In order to survive, children born with hypo plastic left heart syndrome (HLHS) need to undergo reconstructive surgery to restore blood circulation. The most commonly prescribed procedure is the 3-stage Norwood, which uses a venous shunt, but a recent study suggests an alternative procedure that uses an arterial shunt may offer more benefits in reestablishing pulmonary blood supply. The study, titled “Second stage after initial hybrid palliation for hypo plastic left heart syndrome: Arterial or venous shunt?” is published in The Journal of Thoracic and Cardiovascular Surgery.
HLHS affects nearly 1,000 infants in the United States, causing the left side of the newborn’s heart to be underdeveloped, severely compromising systemic blood flow. The disorder can manifest as late as days after the baby is born, when the heart’s ductus arteriosus begins to close. While this is a natural phenomenon for all babies, those with HLHS can die from it. The three-stage Norwood procedure occurs at different times of the infant’s development, with Norwood Stage I typically performed soon after birth, Norwood II (commonly referred to as a bidirectional Glenn – or cavopulmonary – shunt) between 4 and 6 months of age, and the final surgery, termed a modified Fontan Procedure, between 2 and 5 years of age. This 3-stage procedure has achieved 30-day survival rates of over 90%, however some surgeons believe these numbers can still be improved, especially for higher risk infants.
“Hybrid palliation was initially thought to be a therapy that would eventually supplant standard Norwood palliation because of its technical simplicity, its avoidance of cardiopulmonary bypass (open heart surgery) and prolonged perioperative recovery in the neonatal period, and an intuitive notion that it would be associated with improved neurodevelopmental outcomes,” commented David M. Overman, MD, Chief of the Division of Cardiovascular Surgery at the Children’s Hospitals and Clinics of Minnesota (Minneapolis) in an accompanying editorial.
“In our center, the hybrid procedure is reserved for higher-risk, more complex, and unstable patients in whom a traditional Norwood procedure would carry an unacceptably high risk,” explained lead investigator Mohamed S. Nassar, PhD, FRCS, of the departments of Paediatric Cardiology and Cardiac Surgery, Evelina London Children’s Hospital, Guy’s and St. Thomas’ NHS Foundation Trust (London).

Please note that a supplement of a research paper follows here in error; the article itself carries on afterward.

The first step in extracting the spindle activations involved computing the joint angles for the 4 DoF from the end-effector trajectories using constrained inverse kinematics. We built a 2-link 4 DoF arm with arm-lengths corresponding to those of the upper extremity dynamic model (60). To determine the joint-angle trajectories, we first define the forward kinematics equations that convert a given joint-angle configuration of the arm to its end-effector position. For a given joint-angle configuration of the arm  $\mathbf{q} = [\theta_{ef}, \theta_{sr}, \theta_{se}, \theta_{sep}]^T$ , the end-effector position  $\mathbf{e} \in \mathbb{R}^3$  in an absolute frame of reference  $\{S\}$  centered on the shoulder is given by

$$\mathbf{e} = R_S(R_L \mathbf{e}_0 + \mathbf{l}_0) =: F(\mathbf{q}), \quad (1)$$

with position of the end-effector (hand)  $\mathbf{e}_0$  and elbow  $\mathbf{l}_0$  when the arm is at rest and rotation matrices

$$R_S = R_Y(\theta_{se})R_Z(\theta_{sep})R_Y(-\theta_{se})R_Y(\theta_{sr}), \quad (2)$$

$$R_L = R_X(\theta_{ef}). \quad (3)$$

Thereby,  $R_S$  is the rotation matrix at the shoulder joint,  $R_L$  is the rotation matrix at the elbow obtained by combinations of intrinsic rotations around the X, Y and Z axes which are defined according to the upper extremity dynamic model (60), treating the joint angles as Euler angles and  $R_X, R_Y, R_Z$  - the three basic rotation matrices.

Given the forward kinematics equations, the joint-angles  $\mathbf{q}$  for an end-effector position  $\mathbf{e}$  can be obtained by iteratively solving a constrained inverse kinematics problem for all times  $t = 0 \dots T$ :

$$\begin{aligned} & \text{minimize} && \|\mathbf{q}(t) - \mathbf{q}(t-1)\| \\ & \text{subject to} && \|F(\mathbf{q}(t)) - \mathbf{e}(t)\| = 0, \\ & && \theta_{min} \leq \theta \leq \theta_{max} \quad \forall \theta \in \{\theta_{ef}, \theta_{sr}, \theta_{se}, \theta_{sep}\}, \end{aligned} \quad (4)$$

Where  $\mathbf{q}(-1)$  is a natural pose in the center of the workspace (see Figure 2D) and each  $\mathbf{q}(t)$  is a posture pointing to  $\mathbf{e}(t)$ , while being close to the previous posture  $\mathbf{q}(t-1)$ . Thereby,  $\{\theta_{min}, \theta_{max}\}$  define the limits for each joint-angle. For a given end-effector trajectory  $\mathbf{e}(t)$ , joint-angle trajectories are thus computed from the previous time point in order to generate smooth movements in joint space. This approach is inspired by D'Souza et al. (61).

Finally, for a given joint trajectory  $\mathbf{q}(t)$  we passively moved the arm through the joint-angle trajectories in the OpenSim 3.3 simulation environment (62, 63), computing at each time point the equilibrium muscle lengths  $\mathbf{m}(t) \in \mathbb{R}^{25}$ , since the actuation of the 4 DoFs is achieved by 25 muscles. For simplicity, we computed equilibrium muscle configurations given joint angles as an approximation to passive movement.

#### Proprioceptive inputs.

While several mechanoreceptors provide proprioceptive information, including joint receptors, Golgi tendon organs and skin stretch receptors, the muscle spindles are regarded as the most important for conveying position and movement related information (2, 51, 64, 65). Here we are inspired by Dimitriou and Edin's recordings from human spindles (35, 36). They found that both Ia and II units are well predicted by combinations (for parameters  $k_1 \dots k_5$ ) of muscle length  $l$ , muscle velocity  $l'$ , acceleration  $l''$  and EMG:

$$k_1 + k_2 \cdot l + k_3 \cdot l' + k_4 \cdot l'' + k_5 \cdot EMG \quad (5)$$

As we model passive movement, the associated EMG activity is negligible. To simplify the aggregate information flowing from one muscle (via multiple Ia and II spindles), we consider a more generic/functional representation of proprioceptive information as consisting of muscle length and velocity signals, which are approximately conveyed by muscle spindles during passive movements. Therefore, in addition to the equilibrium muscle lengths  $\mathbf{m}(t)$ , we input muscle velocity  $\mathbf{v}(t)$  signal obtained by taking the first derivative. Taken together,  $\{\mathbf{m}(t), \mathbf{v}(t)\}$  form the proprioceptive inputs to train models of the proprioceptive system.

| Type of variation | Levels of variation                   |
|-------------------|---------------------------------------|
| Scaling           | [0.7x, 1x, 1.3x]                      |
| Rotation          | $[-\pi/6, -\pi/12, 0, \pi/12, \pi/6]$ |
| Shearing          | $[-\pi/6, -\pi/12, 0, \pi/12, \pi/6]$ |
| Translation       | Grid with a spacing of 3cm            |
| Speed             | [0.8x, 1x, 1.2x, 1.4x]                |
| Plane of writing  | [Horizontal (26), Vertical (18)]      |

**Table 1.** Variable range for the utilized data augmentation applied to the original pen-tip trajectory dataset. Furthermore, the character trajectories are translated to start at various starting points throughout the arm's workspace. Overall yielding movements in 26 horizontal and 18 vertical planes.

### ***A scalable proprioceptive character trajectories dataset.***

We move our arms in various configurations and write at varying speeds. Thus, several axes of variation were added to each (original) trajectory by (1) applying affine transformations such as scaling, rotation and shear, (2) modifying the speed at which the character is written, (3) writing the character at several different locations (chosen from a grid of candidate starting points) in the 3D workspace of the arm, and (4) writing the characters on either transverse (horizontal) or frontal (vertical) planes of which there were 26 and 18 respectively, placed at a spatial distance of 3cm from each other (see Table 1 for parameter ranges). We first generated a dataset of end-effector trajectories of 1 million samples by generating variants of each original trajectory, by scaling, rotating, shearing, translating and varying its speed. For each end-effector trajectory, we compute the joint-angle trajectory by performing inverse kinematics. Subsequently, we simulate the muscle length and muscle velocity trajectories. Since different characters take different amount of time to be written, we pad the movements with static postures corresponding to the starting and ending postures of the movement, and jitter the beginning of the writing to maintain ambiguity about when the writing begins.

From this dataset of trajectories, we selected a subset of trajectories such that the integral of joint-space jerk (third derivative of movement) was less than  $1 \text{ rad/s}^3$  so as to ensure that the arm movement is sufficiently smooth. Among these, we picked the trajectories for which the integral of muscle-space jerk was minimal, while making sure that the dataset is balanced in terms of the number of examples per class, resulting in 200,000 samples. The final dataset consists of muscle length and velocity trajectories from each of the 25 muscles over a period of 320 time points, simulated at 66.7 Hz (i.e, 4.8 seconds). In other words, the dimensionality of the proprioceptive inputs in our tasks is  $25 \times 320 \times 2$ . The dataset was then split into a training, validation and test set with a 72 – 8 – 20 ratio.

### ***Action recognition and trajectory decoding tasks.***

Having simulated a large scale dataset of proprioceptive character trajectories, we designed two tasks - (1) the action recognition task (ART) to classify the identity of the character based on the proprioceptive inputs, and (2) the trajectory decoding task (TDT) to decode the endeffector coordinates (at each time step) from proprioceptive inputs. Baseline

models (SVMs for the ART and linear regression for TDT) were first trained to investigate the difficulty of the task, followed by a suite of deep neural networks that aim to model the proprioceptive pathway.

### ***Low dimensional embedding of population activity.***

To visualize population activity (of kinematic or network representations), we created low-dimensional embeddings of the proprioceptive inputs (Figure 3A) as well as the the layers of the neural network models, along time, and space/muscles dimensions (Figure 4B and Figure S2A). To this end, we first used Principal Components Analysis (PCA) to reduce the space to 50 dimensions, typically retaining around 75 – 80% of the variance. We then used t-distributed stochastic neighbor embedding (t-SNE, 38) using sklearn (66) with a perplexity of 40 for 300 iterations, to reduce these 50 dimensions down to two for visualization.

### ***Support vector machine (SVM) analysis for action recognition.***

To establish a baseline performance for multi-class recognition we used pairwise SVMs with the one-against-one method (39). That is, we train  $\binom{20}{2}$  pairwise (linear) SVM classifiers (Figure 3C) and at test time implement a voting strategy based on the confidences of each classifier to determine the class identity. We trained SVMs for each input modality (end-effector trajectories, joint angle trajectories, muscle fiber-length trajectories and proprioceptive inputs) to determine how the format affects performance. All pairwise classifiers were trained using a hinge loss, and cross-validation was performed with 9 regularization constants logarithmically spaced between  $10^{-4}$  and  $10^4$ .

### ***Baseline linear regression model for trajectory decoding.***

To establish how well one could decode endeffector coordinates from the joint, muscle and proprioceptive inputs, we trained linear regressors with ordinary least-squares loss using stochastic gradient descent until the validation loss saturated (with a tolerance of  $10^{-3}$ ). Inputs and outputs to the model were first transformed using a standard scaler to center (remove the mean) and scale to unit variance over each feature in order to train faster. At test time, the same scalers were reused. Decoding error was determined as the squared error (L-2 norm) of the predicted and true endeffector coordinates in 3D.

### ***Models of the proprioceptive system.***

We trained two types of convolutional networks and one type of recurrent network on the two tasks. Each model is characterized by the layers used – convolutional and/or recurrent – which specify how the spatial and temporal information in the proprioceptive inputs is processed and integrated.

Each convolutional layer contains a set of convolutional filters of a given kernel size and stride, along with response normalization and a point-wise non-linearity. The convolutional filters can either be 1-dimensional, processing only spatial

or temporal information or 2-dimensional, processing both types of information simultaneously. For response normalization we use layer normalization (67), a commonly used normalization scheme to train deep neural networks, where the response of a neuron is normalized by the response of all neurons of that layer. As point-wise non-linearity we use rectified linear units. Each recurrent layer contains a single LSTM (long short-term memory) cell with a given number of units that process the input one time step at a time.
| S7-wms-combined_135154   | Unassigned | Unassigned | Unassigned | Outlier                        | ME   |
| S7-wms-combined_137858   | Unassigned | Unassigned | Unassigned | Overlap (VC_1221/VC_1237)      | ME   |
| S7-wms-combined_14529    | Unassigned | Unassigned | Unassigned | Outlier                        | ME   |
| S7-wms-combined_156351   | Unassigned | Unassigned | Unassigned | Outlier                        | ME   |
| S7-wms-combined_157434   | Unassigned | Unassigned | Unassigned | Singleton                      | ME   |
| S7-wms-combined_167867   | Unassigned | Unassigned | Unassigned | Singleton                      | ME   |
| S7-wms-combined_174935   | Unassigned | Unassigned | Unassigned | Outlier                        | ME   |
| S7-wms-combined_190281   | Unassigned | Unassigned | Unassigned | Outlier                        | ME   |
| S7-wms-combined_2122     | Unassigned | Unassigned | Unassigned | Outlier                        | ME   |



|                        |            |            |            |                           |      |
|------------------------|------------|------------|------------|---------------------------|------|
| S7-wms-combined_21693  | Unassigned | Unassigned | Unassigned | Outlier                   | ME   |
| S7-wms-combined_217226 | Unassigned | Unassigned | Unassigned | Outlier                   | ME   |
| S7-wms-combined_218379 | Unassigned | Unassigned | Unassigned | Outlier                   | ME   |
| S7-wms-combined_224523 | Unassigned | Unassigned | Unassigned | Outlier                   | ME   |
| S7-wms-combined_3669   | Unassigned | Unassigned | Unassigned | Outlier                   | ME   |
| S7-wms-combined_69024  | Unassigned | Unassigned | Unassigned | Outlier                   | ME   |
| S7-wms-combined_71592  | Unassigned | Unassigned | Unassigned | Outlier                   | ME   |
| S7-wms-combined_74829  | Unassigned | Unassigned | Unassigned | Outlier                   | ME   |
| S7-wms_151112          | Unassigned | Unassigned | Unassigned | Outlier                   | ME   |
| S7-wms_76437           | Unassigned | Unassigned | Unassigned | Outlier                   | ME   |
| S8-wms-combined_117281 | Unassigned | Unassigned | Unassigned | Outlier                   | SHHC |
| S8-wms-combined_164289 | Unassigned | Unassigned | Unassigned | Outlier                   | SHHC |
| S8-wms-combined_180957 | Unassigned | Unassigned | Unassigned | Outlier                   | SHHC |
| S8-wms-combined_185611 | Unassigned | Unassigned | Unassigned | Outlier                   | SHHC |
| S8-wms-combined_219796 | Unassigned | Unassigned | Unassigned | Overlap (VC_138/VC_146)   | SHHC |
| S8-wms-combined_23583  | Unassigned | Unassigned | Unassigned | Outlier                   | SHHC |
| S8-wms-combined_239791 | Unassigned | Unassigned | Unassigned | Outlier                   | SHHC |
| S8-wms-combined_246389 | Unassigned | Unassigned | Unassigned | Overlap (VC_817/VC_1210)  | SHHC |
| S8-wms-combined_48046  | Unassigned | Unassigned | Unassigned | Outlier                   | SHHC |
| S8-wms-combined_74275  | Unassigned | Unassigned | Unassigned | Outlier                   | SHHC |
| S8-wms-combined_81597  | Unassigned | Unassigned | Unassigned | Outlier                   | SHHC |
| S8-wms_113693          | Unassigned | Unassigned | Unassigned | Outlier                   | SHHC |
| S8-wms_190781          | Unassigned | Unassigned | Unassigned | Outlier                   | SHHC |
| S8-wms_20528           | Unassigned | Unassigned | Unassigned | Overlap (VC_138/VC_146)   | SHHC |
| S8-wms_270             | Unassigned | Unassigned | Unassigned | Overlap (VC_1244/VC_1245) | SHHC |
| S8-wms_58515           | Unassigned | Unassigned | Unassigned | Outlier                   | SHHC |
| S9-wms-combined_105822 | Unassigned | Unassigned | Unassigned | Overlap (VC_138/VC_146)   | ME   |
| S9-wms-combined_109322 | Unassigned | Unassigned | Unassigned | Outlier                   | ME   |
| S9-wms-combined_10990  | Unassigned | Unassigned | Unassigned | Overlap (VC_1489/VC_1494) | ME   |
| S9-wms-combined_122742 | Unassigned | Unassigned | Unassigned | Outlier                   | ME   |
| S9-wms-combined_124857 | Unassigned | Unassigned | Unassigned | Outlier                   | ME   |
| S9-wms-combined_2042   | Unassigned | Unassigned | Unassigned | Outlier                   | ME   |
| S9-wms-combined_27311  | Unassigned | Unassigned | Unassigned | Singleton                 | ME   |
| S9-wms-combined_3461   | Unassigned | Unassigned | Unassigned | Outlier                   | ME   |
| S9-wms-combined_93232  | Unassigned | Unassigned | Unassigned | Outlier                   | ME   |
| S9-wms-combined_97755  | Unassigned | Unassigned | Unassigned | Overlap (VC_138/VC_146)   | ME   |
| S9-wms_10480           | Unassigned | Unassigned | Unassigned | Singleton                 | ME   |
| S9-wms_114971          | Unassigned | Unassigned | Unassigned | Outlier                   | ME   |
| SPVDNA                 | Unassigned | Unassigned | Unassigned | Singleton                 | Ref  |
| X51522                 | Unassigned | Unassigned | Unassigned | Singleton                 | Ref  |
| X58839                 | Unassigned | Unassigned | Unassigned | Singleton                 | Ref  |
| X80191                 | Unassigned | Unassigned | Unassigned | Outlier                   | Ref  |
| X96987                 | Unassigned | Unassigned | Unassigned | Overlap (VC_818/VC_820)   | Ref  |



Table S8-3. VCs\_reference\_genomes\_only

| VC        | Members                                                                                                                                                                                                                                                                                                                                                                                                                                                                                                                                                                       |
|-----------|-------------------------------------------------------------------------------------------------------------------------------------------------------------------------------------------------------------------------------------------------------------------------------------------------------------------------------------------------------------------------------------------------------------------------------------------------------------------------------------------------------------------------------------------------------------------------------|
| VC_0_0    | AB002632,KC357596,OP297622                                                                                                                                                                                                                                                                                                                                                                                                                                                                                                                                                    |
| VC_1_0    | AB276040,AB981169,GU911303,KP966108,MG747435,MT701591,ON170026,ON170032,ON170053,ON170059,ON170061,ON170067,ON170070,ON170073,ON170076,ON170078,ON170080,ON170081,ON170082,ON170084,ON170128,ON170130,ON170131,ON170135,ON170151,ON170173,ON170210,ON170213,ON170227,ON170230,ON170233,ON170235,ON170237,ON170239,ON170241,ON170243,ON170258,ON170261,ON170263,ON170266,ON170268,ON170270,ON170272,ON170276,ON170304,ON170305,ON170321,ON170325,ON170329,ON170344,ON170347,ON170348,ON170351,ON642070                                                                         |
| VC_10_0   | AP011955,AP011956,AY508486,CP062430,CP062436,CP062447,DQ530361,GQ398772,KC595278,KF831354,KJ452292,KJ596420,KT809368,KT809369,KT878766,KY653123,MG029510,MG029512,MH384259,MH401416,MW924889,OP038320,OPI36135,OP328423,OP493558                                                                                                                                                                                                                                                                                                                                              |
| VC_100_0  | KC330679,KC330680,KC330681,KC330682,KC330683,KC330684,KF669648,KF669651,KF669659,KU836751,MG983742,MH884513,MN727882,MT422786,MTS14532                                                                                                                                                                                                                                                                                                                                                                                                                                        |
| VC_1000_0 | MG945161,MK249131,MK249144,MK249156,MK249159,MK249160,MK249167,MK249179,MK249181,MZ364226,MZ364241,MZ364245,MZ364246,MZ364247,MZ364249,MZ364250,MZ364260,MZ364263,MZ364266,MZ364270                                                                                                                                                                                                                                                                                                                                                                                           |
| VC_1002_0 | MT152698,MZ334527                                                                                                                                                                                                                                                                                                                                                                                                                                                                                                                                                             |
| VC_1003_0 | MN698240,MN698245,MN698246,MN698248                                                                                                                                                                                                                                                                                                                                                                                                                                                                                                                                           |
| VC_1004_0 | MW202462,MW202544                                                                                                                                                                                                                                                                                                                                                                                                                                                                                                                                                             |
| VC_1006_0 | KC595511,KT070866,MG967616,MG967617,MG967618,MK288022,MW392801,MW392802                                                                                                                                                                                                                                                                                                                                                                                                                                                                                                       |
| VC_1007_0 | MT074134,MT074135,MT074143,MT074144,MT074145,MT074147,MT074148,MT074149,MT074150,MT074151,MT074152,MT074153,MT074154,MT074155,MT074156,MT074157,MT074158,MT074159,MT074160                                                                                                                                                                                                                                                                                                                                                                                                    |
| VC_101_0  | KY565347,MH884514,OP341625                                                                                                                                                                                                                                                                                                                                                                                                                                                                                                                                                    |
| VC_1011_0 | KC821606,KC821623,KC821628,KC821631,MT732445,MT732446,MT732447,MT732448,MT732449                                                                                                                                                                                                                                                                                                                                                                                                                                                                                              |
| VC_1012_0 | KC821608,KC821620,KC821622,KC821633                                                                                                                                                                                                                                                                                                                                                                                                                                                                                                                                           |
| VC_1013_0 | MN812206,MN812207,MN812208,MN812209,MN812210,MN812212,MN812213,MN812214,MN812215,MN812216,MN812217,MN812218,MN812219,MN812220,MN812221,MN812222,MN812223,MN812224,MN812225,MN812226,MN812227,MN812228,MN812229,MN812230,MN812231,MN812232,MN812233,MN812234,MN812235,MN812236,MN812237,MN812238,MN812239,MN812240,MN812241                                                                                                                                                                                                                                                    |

Both types of reconstructive procedures were being offered at the same institution, which gave the researchers a chance to conduct a retrospective analysis of these patients’ cases to determine whether one procedure produced better outcomes than the other. Nassar listed 17 HLHS patients that received the arterial shunt, and 26 who received a venous shunt. The scientists’ prediction of the latter group showing better pulmonary arterial growth was confirmed.
The two surgeries vary in terms of their pros and cons, however. While surgical time is shorter in receiving an artierial shunt, these patients tended to exhibit a greater need for delayed sternal closure. The researchers noted that mechanical ventilation and need for intensive care were shorter in patients who received the venous shunt, and that those who received arterial shunts had significantly higher oxygen saturations at discharge.
Dr. Overman clarified that even though hybrid surgery is normally recommended for a small subset of HLHS patients, he recognizes the increased need for this procedure in higher-risk patients. “The impact and advisability of that particular approach, while intuitively resonant, is still an open question. The arterial shunt at Stage II is yet another twist in the evolving story of hybrid therapy for HLHS.”